WASHINGTON (Reuters) - The Islamic State’s assault on northern Iraq last summer galvanized the country’s rival factions to fight a common enemy and halt the militant group’s momentum, U.S. Vice President Joe Biden said on Thursday.
In an upbeat assessment before a White House meeting next week between U.S. President Barack Obama and Iraqi Prime Minister Haidar al-Abadi, Biden said Iraq has gained the upper hand against the radical Sunni group since it seized territory in Iraq and Syria and declared a “caliphate” eight months ago.
At that time, the world saw the Iraqi army “melt away,” Iraqi government assets seized and brutal acts committed in Islamic State-controlled territory, Biden said.
Doomsday scenarios of Iraq being split apart persist, when in fact “ISIL’s momentum in Iraq has halted and in many places had been flat out reversed,” he said, using an acronym for the group.
“The irony of all ironies is that Iraq was actually helped (to) form its government because of ISIL. ISIL, the very outfit that intended to tear Iraq apart and establish a caliphate, it actually united Iraqis,” Biden said.
In a speech at the National Defense University, Biden praised Iraqi leaders from Sunni, Shi‘ite and Kurdish factions for pulling together to form an inclusive government, agree to a budget and mobilize thousands of Sunni fighters to battle Islamic State.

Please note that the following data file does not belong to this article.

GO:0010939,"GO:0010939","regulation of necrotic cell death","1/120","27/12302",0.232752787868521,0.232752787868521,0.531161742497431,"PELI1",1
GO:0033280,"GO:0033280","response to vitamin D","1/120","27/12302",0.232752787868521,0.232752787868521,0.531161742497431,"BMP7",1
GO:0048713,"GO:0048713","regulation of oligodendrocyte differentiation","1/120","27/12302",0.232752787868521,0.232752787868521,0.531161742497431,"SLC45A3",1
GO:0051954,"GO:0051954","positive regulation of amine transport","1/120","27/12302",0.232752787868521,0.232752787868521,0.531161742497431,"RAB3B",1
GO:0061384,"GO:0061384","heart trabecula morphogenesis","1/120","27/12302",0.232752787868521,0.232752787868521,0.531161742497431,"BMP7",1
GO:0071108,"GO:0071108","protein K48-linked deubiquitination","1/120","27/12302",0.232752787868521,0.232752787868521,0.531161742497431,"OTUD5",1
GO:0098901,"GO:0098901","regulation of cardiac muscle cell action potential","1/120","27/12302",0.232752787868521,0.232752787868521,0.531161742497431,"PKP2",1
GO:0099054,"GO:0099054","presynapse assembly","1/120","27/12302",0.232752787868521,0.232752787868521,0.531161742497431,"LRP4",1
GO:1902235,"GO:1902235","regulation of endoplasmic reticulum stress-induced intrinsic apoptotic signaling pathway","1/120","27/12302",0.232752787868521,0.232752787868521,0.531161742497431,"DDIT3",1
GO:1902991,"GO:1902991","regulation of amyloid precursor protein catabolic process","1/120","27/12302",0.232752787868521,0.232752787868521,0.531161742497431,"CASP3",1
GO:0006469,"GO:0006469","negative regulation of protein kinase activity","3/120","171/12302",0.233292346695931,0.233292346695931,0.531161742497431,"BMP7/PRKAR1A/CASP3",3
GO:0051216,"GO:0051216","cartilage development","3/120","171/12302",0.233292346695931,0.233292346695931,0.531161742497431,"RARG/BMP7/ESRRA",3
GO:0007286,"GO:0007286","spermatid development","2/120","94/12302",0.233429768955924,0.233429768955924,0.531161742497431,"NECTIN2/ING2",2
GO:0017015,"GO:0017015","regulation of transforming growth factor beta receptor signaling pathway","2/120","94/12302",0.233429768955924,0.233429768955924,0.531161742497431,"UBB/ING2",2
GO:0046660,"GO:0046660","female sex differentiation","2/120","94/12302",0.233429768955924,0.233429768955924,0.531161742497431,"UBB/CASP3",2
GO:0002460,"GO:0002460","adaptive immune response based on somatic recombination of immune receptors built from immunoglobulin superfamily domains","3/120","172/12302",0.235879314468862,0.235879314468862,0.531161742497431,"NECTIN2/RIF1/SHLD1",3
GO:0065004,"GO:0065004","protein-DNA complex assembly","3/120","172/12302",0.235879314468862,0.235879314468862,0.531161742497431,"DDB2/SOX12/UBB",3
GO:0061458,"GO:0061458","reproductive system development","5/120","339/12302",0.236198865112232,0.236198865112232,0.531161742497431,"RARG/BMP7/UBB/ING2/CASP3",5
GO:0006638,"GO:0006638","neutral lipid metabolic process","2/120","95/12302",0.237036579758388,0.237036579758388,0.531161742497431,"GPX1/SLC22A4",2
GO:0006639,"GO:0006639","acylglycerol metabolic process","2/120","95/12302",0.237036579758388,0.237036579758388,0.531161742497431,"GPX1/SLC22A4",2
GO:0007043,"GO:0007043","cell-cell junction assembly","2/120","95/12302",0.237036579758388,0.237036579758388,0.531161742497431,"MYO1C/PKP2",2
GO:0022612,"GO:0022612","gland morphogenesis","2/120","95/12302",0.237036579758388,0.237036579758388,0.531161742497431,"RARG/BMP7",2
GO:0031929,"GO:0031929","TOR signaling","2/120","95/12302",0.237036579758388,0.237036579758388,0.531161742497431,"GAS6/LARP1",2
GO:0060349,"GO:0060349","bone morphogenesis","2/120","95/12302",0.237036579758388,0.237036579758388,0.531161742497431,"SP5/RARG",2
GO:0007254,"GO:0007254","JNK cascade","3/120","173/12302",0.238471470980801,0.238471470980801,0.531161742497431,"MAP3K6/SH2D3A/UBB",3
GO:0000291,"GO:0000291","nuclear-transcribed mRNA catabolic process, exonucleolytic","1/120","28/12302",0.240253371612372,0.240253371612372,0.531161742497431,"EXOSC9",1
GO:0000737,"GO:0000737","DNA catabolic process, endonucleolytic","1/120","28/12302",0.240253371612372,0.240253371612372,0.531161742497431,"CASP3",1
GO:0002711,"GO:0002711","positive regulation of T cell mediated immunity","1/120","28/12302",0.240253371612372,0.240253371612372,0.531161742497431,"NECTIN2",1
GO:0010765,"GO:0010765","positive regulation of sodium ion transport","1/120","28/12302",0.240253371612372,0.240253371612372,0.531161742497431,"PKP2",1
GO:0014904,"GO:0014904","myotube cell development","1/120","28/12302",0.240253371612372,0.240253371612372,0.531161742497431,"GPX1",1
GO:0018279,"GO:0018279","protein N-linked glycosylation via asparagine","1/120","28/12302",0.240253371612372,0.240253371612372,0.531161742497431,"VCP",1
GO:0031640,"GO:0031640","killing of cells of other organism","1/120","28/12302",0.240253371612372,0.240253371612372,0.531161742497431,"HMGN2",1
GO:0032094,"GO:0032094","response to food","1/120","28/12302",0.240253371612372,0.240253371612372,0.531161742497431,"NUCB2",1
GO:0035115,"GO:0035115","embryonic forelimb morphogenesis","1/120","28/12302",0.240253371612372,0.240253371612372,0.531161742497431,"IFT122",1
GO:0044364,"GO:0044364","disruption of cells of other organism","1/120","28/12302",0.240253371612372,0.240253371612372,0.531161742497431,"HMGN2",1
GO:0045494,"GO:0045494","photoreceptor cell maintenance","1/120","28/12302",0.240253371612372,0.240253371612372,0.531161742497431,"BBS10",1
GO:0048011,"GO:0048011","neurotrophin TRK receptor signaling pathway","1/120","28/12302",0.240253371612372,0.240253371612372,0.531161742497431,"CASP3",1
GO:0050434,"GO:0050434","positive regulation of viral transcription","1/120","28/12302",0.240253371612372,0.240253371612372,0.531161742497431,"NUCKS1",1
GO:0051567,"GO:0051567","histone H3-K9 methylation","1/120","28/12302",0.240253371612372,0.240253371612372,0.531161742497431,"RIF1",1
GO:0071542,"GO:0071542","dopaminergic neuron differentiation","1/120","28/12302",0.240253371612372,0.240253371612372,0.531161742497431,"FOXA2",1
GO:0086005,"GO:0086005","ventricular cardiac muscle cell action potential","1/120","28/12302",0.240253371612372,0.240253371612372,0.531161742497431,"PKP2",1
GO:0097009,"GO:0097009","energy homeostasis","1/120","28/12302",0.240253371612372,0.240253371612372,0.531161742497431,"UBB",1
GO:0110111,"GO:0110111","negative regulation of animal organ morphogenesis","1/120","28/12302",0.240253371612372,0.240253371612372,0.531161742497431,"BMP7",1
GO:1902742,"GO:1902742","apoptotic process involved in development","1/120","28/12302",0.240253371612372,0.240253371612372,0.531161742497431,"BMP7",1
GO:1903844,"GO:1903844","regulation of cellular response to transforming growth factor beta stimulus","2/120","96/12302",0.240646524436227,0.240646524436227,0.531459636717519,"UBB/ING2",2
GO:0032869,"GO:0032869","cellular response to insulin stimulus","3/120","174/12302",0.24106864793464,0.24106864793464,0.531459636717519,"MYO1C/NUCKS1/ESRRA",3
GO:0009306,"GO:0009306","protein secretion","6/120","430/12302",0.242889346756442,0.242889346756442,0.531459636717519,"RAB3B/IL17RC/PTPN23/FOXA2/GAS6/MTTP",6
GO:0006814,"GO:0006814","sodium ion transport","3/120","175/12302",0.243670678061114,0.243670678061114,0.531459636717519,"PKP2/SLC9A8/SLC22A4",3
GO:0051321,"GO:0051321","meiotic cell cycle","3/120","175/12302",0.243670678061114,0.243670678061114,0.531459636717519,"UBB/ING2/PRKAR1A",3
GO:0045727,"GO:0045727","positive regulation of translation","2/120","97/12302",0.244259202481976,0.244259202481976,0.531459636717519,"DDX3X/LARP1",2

He said Iraqi government forces have made significant gains on the battlefield, with help coalition air strikes, including 1,300 by the U.S. military alone.
Islamic State has lost large areas it once dominated including Mosul Dam, Mount Sinjar and the city of Tikrit, Biden noted.
Iraqi security forces launched a new offensive against Islamic State insurgents in the Sunni Muslim heartland of Anbar on Wednesday, seeking to build on a victory over the jihadist group last week in Tikrit.
The militants captured Tikrit last June as they swept through most of Iraq’s Sunni Muslim territories, swatting aside a demoralized and disorganized army that has now required an uneasy mix of Iranian and U.S. support to get back on its feet.
Biden urged Iraq’s leaders to continue to compromise in the face of complicated sectarian divisions and not to lose the political urgency that brought them this far.
“There’s still a long fight a head - I don’t want to paint an overly rosy picture here - but ISIL’s aura of invincibility has been pierced,” he said.
Reporting by Doina Chiacu; editing by Susan Heavey and Richard Chang